Professor Hoi-Kwong Lo
Winner of the 2022 CAP-INO Medal for Outstanding Achievement in Applied Photonics, "in recognition of his outstanding impact on the field of Quantum communication in terms of practical implementations, laying the groundwork for commercial products for the Quantum internet."
Professor Jason Anderson
Named a 2023 IEEE Fellow "for contributions to high-level synthesis and low-power FPGAs"
Alumnus Yongle Zhang
Winner of the 2022 Dennis M. Ritchie Thesis Award for 'Automating Failure Diagnosis for Distributed Systems' (supervised by Professor Ding Yuan)
Can you describe a typical day at Intel during your PEY Co-op?
My main work was to design layout for high speed SerDes [Serializer/Deserializer] alongside many teams and analog designers. A typical day for me would consist of designing layout using industry software, meeting with peers and other engineers to discuss design challenges, coordinating project work, and learning and developing new tools or skills. I had my own cubicle to work in, managers and coworkers were all close by, and we’d take breaks together in the cafeteria on our floor. It was a very collaborative office environment. There were multiple meeting rooms redesigned to accommodate those who were working virtually. I always looked forward to our team’s weekly meetings, where we played games together and competed for prizes. Intel gave me ownership of a major portion of the layout design and delivering it as a milestone was one of the most satisfying parts of my time there. They also gave me the chance to train new hires and interns.
Our world runs on power and electricity, and advancements made by electrical engineers in a certain area can have many applications in other fields. Working at Intel, I experienced this firsthand. For those who leverage the technology to do good, every advancement and modification in a design can lead to greatly improved experiences. I’d say that for someone looking at a similar position, the engineering design courses are crucial to learn and demonstrate practical design, teamwork and communication skills.
How can research into space exploration solve problems here on Earth?
A lot of the money that goes into space research positively impacts Earth. Think of spin off technologies such as GPS, artificial limbs, Velcro, Invisalign, etc. — all are a direct result of needing to create radiation proof materials, to minimize weight or maximize space onboard a shuttle, none of which would have been possible without space exploration. I had the opportunity to see this research angle firsthand when I worked at Space Tango, a microgravity research company. One of their partners, LambdaVision, is creating protein-based artificial retinas to restore sight to those with retinal degenerative diseases. They use the microgravity environment to ensure even stem cell distribution throughout the many intricate layers, increasing stability, performance and optical quality compared to what could be manufactured in normal gravity.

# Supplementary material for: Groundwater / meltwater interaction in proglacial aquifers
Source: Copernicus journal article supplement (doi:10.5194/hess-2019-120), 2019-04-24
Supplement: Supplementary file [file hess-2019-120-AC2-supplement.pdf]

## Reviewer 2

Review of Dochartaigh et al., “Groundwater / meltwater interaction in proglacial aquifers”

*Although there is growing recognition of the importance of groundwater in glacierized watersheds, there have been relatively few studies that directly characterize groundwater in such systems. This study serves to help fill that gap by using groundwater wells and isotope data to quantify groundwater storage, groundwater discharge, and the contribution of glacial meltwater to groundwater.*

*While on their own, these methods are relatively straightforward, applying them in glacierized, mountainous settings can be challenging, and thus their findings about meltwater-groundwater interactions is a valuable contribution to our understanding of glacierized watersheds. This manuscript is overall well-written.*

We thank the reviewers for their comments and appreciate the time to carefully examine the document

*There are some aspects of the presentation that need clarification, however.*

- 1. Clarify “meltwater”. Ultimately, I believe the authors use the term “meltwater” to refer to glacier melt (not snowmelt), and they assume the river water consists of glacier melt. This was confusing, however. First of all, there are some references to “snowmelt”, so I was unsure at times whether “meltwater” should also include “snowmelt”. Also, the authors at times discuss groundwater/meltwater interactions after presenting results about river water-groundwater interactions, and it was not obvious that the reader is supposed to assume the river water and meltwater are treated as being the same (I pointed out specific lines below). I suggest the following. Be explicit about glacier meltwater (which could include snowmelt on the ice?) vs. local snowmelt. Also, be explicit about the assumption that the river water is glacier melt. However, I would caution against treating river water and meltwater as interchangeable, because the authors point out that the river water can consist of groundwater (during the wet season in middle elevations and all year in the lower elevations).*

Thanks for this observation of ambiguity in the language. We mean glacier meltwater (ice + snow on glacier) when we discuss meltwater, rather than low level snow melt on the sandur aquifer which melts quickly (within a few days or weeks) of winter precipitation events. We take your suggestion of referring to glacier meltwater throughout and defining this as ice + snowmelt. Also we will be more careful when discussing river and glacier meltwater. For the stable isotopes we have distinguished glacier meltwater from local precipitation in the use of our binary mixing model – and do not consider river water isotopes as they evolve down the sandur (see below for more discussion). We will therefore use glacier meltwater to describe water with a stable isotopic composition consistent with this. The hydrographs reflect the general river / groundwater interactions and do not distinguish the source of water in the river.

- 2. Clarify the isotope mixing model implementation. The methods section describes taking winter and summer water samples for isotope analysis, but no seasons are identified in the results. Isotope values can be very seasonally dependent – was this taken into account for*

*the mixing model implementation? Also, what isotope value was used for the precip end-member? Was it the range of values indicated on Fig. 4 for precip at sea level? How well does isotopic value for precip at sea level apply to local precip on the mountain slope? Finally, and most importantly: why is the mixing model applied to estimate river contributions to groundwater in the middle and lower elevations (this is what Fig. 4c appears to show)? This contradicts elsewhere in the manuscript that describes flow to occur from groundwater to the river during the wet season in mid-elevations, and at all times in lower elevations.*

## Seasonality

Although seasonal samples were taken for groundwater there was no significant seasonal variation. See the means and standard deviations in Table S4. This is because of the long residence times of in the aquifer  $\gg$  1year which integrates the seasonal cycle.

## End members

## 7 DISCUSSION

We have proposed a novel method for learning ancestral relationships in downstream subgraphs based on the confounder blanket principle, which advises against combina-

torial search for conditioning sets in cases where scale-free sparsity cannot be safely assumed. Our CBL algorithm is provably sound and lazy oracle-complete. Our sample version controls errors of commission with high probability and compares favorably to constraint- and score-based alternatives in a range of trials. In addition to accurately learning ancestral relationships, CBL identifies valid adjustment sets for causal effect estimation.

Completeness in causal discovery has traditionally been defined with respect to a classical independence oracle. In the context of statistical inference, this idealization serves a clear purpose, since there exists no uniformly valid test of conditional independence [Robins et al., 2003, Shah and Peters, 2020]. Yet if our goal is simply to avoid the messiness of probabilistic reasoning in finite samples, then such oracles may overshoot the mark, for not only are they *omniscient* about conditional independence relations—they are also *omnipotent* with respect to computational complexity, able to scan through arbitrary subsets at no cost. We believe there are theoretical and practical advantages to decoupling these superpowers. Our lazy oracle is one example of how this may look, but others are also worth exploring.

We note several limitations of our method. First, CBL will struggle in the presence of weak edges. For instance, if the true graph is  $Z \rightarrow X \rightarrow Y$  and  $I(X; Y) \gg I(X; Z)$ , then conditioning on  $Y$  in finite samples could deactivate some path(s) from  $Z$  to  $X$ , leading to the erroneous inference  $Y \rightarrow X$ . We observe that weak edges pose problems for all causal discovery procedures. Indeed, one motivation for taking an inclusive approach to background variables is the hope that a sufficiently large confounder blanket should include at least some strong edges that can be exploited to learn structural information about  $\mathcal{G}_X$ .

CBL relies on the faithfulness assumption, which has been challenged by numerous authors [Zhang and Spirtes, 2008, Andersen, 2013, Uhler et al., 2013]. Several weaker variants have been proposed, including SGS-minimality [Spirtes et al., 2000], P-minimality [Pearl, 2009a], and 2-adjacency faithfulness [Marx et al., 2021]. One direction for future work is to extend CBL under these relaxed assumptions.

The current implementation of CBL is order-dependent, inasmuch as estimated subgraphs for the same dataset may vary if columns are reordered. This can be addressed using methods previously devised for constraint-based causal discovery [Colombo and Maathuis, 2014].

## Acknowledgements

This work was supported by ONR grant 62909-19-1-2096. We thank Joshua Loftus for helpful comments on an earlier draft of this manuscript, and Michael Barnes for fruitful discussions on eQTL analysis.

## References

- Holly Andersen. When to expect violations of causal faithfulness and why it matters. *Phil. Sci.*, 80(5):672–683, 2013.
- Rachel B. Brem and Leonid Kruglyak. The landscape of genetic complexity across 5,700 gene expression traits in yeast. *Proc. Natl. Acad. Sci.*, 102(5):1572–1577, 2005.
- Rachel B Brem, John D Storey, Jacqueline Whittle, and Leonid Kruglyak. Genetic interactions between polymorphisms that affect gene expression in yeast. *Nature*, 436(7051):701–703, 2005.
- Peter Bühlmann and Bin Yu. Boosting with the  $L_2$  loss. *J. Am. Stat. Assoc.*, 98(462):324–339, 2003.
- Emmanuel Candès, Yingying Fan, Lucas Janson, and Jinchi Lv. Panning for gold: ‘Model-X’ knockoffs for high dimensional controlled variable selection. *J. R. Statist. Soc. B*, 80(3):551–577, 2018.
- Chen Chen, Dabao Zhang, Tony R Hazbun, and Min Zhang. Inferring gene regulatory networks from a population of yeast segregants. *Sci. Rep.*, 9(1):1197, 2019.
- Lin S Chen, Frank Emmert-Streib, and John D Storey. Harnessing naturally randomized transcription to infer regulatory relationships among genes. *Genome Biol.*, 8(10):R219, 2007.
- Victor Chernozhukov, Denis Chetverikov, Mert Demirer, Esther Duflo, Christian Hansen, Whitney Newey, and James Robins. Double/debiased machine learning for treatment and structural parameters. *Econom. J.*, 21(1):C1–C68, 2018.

Another example: GHGSat, the Canadian satellite company, has become a global leader for monitoring greenhouse gas emissions, enabling industries to better measure, control and ultimately reduce emissions. While I was there, I created a visualization tool to picture where each of their satellites were positioned over the Earth at any given time, allowing for more optimal planning of their satellite schedules. To me, space is the most meaningful way I can use my interests in math, physics, robotics and engineering to make an impact here on Earth. Learn more about the Zenith Fellowship.
Your career path seems to have a surprise twist — in ice cream! How did you get there?
My path has been long and winding. I’ve done so many jobs. In first year I started a business assembling and selling computers with a classmate. After graduation I joined Hydro One as a Systems Admin for a system that helped restore power to areas experiencing outages. Later, I worked as Systems Architect and helped design the smart meter network in Ontario. Later still, as a software engineer, I worked for a food manufacturer to implement ERP solutions.
This all seems a world away from ice cream! However, engineering equipped me with the analytical skills that have been key to analyzing and overcoming seemingly daunting challenges. The most important thing I've learned is that every complex problem is merely a collection of simpler problems that can be solved by applying first principles — though you don't need to solve every problem entirely by yourself! People will surprise you with how helpful they can be when you share your challenges. Check out Graffiti Alley Ice Cream.